Asset owners demand more of hedge funds

As institutional investors boost their allocations to hedge funds, they are growing more selective and specific about what they want from managers, finds a new report.
Asset owners demand more of hedge funds

Institutional investors are investing more in hedge funds, but seeking more from the managers they use, according to a global survey conducted by Barclays and the Alternative Investment Management Association (Aima). Private equity-style co-investment, for instance, is a growing trend.

“The current trend is to move away from [investors] treating hedge funds as mere products into which to invest a limited part of their portfolio for diversification reasons, toward instead viewing them as means to access opportunities and tailor the risk-return profile of their entire portfolio,” said the report.

Sixty-eight percent of the 30 investors surveyed – accounting for $260 billion of investments in hedge funds – had at least one partnership with a manager that goes beyond the scope of a traditional relationship. There was no earlier figure to compare this to.

And managers are increasingly raising capital from institutional investors. As at the third quarter of 2013, 61% of the $2.5 trillion of assets managed by hedge funds globally came from institutions, compared with 55% of $1.91 trillion in 2010.

The findings suggest investors are taking a more active role in understanding or influencing the way their investments generate alpha. As investors gain more experience with hedge fund investing, they are looking for fewer but more meaningful relationships with managers, the report noted. This includes turning more to co-investment structures, which are more typical in the private equity space.

These co-investment vehicles, which often have lock-up periods of two to three years, offer a way for investors to partner managers in opportunistic investments that may not fit into commingled fund vehicles. Examples include equity funds with longer lock-up periods, such as activist or credit strategies. Hedge funds typically have concentration or liquidity limits, and co-investments allow them to go beyond these limits, the report said.

Multi-strategy firms were most often cited as good partners by investors, followed firms focused on macro or asset-class strategies such as credit and equity. Investors also saw funds of hedge funds as good partners for co-investments or seeding new products, as they depend on innovation to stay competitive within their own universe, and are therefore seen as open to new investment solutions.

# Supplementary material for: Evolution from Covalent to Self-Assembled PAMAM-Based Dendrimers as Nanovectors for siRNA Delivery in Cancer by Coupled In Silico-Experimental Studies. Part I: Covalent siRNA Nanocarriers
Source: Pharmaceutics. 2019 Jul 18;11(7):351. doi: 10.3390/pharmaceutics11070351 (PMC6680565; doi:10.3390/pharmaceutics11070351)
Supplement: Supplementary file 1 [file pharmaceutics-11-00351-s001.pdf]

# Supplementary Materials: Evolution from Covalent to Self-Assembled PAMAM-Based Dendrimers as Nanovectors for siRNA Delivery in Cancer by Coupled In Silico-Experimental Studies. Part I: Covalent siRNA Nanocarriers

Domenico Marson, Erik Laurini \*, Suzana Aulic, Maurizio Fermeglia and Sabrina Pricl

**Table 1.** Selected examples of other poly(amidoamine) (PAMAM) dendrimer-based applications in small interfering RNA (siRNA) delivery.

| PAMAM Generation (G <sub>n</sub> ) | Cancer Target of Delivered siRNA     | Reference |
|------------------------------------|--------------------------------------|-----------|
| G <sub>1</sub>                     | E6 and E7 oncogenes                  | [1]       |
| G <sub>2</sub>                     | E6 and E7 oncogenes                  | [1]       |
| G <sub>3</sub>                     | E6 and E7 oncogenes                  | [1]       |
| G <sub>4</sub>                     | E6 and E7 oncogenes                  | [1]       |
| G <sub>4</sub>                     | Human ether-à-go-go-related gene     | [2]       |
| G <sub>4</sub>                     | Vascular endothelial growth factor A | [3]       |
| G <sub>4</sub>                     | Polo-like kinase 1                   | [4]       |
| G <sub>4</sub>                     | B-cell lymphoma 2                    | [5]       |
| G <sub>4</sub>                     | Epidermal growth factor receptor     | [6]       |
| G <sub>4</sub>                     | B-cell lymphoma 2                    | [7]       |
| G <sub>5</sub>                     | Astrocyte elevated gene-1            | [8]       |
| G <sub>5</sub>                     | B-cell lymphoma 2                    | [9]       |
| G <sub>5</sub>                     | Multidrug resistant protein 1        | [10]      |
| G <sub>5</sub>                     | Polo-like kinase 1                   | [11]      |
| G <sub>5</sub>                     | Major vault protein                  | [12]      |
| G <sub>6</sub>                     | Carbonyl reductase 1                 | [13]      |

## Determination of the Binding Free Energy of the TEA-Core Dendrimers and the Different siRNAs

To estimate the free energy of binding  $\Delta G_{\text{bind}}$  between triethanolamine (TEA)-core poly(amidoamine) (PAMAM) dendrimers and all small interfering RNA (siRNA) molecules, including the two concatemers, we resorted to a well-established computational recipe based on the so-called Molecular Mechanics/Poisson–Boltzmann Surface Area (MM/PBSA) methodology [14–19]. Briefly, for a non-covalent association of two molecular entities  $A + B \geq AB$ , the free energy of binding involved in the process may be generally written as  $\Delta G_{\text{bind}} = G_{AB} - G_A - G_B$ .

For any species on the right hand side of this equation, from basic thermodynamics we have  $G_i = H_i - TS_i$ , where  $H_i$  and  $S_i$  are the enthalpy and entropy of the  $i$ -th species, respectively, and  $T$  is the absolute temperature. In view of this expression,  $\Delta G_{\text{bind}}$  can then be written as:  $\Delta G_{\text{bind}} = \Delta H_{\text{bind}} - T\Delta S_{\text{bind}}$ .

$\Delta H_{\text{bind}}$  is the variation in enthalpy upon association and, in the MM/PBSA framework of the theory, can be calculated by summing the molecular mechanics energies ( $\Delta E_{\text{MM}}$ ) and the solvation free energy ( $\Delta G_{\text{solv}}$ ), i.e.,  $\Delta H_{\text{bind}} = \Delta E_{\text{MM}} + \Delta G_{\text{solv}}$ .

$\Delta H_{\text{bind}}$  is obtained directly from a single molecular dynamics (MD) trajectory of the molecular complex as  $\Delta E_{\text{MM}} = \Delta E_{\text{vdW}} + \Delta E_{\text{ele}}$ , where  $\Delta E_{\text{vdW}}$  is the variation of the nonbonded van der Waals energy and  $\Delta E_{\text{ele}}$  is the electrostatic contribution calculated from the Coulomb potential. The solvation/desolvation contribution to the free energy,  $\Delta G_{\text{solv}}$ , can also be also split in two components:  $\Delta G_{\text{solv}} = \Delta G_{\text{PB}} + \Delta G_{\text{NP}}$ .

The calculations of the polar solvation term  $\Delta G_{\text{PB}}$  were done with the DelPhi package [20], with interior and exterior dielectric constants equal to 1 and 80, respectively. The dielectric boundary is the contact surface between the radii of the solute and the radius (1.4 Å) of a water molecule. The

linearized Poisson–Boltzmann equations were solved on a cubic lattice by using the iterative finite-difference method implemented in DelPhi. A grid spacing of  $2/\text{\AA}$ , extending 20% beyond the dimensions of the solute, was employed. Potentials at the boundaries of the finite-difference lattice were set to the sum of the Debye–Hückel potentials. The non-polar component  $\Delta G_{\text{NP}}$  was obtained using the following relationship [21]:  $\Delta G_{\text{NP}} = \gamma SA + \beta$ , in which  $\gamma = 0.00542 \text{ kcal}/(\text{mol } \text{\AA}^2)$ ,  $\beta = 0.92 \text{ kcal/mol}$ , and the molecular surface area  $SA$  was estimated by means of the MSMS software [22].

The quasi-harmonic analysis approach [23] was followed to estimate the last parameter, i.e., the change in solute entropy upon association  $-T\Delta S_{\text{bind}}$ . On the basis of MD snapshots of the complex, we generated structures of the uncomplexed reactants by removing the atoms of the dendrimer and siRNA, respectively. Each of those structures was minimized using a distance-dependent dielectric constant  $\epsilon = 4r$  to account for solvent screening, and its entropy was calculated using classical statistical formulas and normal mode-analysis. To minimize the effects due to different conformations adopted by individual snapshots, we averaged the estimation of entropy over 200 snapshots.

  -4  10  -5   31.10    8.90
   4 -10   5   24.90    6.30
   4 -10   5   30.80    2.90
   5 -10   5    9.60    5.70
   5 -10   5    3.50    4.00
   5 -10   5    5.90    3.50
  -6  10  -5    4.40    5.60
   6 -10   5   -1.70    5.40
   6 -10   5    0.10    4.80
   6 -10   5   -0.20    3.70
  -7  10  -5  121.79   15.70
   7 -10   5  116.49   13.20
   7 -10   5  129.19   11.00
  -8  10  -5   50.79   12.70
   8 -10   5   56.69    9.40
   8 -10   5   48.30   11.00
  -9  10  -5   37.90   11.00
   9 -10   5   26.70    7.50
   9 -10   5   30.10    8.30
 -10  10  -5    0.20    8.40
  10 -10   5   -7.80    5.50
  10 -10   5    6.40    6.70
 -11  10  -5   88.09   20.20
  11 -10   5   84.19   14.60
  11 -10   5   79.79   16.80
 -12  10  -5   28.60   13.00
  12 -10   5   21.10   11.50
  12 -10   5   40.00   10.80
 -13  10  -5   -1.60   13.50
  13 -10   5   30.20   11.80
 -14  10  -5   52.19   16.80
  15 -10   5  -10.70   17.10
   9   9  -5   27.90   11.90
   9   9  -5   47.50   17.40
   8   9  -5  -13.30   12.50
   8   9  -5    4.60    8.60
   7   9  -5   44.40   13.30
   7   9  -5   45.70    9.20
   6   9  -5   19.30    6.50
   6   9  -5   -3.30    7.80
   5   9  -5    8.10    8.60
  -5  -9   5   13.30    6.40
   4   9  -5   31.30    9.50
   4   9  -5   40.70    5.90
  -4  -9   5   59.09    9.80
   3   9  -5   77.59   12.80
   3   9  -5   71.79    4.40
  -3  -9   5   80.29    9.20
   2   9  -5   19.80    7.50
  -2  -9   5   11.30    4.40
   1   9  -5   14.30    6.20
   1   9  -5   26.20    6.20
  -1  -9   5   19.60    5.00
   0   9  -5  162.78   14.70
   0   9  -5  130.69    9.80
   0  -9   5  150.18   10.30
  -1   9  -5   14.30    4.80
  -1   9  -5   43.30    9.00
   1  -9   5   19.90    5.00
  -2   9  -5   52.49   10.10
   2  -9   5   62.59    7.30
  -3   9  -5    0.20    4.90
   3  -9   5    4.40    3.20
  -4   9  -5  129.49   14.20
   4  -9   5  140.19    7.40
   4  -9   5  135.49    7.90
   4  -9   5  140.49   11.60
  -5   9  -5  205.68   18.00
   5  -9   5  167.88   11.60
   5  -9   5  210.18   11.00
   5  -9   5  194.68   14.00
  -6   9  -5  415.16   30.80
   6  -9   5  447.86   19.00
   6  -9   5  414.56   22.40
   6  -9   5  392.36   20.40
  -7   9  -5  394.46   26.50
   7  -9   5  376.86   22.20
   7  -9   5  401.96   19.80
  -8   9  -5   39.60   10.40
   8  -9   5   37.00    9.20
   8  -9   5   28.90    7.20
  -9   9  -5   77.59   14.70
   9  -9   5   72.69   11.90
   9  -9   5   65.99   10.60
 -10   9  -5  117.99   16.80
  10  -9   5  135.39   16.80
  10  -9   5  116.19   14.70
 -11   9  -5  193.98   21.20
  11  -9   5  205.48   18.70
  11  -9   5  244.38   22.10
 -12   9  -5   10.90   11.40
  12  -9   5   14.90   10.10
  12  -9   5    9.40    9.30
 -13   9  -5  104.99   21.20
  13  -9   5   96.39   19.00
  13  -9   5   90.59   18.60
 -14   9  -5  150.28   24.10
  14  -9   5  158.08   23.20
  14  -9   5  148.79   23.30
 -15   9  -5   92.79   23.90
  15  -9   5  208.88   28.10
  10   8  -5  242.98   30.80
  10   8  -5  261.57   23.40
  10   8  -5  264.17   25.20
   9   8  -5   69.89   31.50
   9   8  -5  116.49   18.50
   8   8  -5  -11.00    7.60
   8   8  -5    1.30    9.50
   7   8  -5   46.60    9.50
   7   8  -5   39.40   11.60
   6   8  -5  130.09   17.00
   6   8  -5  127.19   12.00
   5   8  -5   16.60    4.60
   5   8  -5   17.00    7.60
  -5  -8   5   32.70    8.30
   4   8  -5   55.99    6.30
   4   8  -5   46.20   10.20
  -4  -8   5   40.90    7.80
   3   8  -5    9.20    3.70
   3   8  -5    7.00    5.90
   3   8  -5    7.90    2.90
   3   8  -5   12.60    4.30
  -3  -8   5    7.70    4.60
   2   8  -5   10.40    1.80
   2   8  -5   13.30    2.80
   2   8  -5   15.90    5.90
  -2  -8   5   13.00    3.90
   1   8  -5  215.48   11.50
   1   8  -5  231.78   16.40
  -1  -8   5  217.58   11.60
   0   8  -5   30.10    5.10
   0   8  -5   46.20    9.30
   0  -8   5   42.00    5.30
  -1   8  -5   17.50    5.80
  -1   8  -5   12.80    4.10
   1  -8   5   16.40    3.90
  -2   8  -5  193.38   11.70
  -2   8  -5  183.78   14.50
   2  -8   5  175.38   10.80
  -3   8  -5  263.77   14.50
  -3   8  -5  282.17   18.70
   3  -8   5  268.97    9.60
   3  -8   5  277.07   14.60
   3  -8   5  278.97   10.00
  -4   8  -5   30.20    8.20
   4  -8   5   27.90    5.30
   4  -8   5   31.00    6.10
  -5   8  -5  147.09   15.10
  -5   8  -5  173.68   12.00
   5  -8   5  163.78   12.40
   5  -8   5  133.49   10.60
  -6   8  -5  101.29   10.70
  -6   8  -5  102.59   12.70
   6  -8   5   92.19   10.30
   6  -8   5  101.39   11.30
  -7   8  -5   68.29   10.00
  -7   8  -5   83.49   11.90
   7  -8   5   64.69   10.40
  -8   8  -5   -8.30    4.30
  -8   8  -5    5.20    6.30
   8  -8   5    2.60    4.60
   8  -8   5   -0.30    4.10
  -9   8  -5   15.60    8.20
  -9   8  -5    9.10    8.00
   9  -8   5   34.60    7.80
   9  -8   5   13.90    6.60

Of the 21 managers surveyed, 75% said they had investors they viewed as partners. Meanwhile, hedge fund manager themselves preferred pension funds as partners because of their large asset base and appetite for bespoke solutions. While sovereign wealth funds (SWFs) could make good partners, “some hedge funds we spoke to are also mindful that SWFs are also in a position to compete with them”, the report said.

Managers did not see family offices, endowments and foundations as ideal candidates for partnership because they tend to have plentiful resources relative to their AUM and a smaller asset base than pensions.

Indeed, not all managers are keen on forging closer partnerships with, or offering co-investment vehicles to investors. Some hedge funds are worried about being seen to prioritise investors or favour one over another. In any case, some fund managers’ investment approach does not allow them to provide the greater transparency that would be necessary in a partnership, found the survey.

Pension funds represented by far the biggest investor segment in the survey (40% of respondents), followed by consultants and family offices (17% each). Together, the 30 investors had $260 billion of assets invested in hedge funds.

Some 80% of that $270 billion controlled by 21 managers who were surveyed comprised funds ranging in size from $5 billion to $20 billion. Forty-three percent of the managers ran multi-strategy funds, with the other strategies being credit (29%), equity (14%), macro or fixed income (10%) and systematic (4%).

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